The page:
Once again the wagon groaned as its weight lightened, the heavy piece of iron lifting into the air.

“Where… do we… put it?” Leddy panted, his face beginning to go red.

“Just… anywhere!” Stikky groaned in reply. “Come… on! Drop it… in three… two… one… now!”

Everyone leaped back as the hunk of iron dropped like a piece of lead, landing on the floor of the courtyard with a terrific crash and showering the surrounding stickmen with piece of dirt and rust that flew off it.

“I suppose that’s as good a place as any…” Stikky decided, panting heavily. “Can someone please take the cart back to the storage room?” he asked, nodding in thanks as Stif and Stib leaped forward and began to push the wagon—much lighter than it was before—into the dimly-lit tunnels.

“So, what do we do now?” Steik asked, wiping the dirt from his hands.

“Well,” Stikky decided, thinking hard. “First, let’s go have lunch; I’m sure McRhoddy’ll have something delicious in store for us…”

There was a hearty cheer, but no one moved just yet.

“And then what?” someone called, and everyone went silent as they strained their ears for the answer.

“And then?” Stikky repeated, looking upwards at the sky. “Then, we wait.”


Far away, back on Destick’s Island, in a wide, circular clearing near the centre of the landmass, a large, unnatural launch site had been built, the metal and concrete contrasting greatly with the lush, green undergrowth surrounding it.

Dr. Destray sat in chairs behind a transparent protection shield, studying the control panel in front of him as he looked up at the massive body of the laser cannon, rising up and over the heads of the trees towards the sky.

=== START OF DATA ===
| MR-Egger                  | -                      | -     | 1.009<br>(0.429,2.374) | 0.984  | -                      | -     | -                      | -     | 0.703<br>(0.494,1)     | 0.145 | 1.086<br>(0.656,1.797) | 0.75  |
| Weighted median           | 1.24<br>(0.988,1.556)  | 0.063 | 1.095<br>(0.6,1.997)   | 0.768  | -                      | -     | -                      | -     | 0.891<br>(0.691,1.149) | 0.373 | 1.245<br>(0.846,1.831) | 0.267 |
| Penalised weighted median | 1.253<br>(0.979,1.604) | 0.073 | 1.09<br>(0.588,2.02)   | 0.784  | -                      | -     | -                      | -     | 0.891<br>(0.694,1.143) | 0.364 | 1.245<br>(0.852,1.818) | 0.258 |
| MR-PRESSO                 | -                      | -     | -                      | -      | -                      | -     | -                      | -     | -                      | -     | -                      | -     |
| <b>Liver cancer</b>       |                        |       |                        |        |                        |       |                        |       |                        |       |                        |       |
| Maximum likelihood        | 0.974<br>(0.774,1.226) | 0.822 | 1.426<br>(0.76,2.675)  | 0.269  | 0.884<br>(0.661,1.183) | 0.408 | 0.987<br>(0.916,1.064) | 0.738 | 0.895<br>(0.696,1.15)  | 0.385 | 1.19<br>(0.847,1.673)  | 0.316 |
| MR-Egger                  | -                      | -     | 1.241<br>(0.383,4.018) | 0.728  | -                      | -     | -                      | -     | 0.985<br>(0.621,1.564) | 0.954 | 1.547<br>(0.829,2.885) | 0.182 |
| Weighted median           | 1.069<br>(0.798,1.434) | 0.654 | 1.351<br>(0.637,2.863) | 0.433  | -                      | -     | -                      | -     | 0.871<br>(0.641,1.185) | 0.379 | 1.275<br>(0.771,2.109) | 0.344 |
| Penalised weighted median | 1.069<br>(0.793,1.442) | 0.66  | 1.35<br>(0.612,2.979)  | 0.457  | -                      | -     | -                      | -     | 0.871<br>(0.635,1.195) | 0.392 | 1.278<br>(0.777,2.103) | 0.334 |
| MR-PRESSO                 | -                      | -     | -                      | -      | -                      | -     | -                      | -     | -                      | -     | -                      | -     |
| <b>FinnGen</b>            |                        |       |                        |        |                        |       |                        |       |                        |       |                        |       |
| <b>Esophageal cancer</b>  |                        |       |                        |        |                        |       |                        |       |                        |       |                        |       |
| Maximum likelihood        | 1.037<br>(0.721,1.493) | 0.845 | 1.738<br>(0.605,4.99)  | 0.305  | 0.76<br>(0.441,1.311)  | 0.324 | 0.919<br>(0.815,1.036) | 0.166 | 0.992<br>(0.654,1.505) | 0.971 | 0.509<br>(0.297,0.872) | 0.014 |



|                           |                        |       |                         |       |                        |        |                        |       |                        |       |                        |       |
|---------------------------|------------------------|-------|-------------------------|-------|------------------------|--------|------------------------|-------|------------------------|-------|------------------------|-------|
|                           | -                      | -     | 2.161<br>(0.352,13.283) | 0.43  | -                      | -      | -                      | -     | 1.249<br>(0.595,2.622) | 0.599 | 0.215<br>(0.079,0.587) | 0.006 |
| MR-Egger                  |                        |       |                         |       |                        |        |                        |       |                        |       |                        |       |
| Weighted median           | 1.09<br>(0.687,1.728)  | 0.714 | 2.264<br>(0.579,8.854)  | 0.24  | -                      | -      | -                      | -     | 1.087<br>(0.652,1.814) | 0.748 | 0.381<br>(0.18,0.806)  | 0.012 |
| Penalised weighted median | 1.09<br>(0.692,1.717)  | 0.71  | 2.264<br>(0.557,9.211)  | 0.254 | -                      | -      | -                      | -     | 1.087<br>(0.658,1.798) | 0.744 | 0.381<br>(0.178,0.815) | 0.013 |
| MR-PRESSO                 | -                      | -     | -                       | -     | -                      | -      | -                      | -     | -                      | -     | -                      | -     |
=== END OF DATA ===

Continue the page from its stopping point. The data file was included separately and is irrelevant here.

“What’s the status?” Destick asked from behind him, closing the book he was reading and sitting up.

Dr. Destray studied the control panel for a moment before answering. “Fuel is at one hundred percent,” he said presently, not taking his eyes off the small screen in front of him. “All the final tests have been successful, and I think we are about ready to launch!”

Destick rubbed his hands in glee. “What are we waiting for then?” he demanded, the smile leaving his face as he examined the panels of iron-like material covering the laser cannon.

Leaning over a microphone, Dr. Destray’s voice boomed out of a loudspeaker. “All Strobots leave the rocket site. I REPEAT, leave the rocket site while you still have the chance!”

Destick rolled his eyes as the group of robots hurrying around the cannon—doing the final changes to the rocket—looked around, then scurried away, bumping into each other as they made their way frantically into the undergrowth.

“Why are you wasting time waiting for them to get off?” he asked grumpily. “They’re just worthless robots, we can afford to lose a few in exchange for not wasting time.”

Dr. Destray looked up at him disapprovingly. “You should never waste things, Destick.” he said stiffly, as if reading out of a rule book. “Unless it is absolutely necessary, you should try and preserve what you have.”

Destick rolled his eyes. “You just said not to waste things…” he muttered. “And yet we’re wasting time!”

The hunched doctor shrugged. “Well, we can stop that, at least!” he exclaimed, turning back to the control panel. “Countdown beginning!” he boomed, his voice echoing through the clearing. “We have liftoff in 10… 9… 8…”

Destick grinned, laughing evilly.

“7… 6… 5… 4…”

The last few Strobots desperately working on the cannon abandoned their posts and fled, leaving one solitary robot turning a bolt.

“3… 2… 1…”

The Strobot looked upwards in surprise, then dropped his wrench and ran for his life, but it was too late.


Destick covered his ears as Dr. Destray brought his hand down on a large red button, activating the engines of the laser cannon.


A huge burst of flame and smoke exploded out of the base of the rocket, causing the trees and bushes surrounding the site to bend away from the cannon, as if trying to escape from the heat.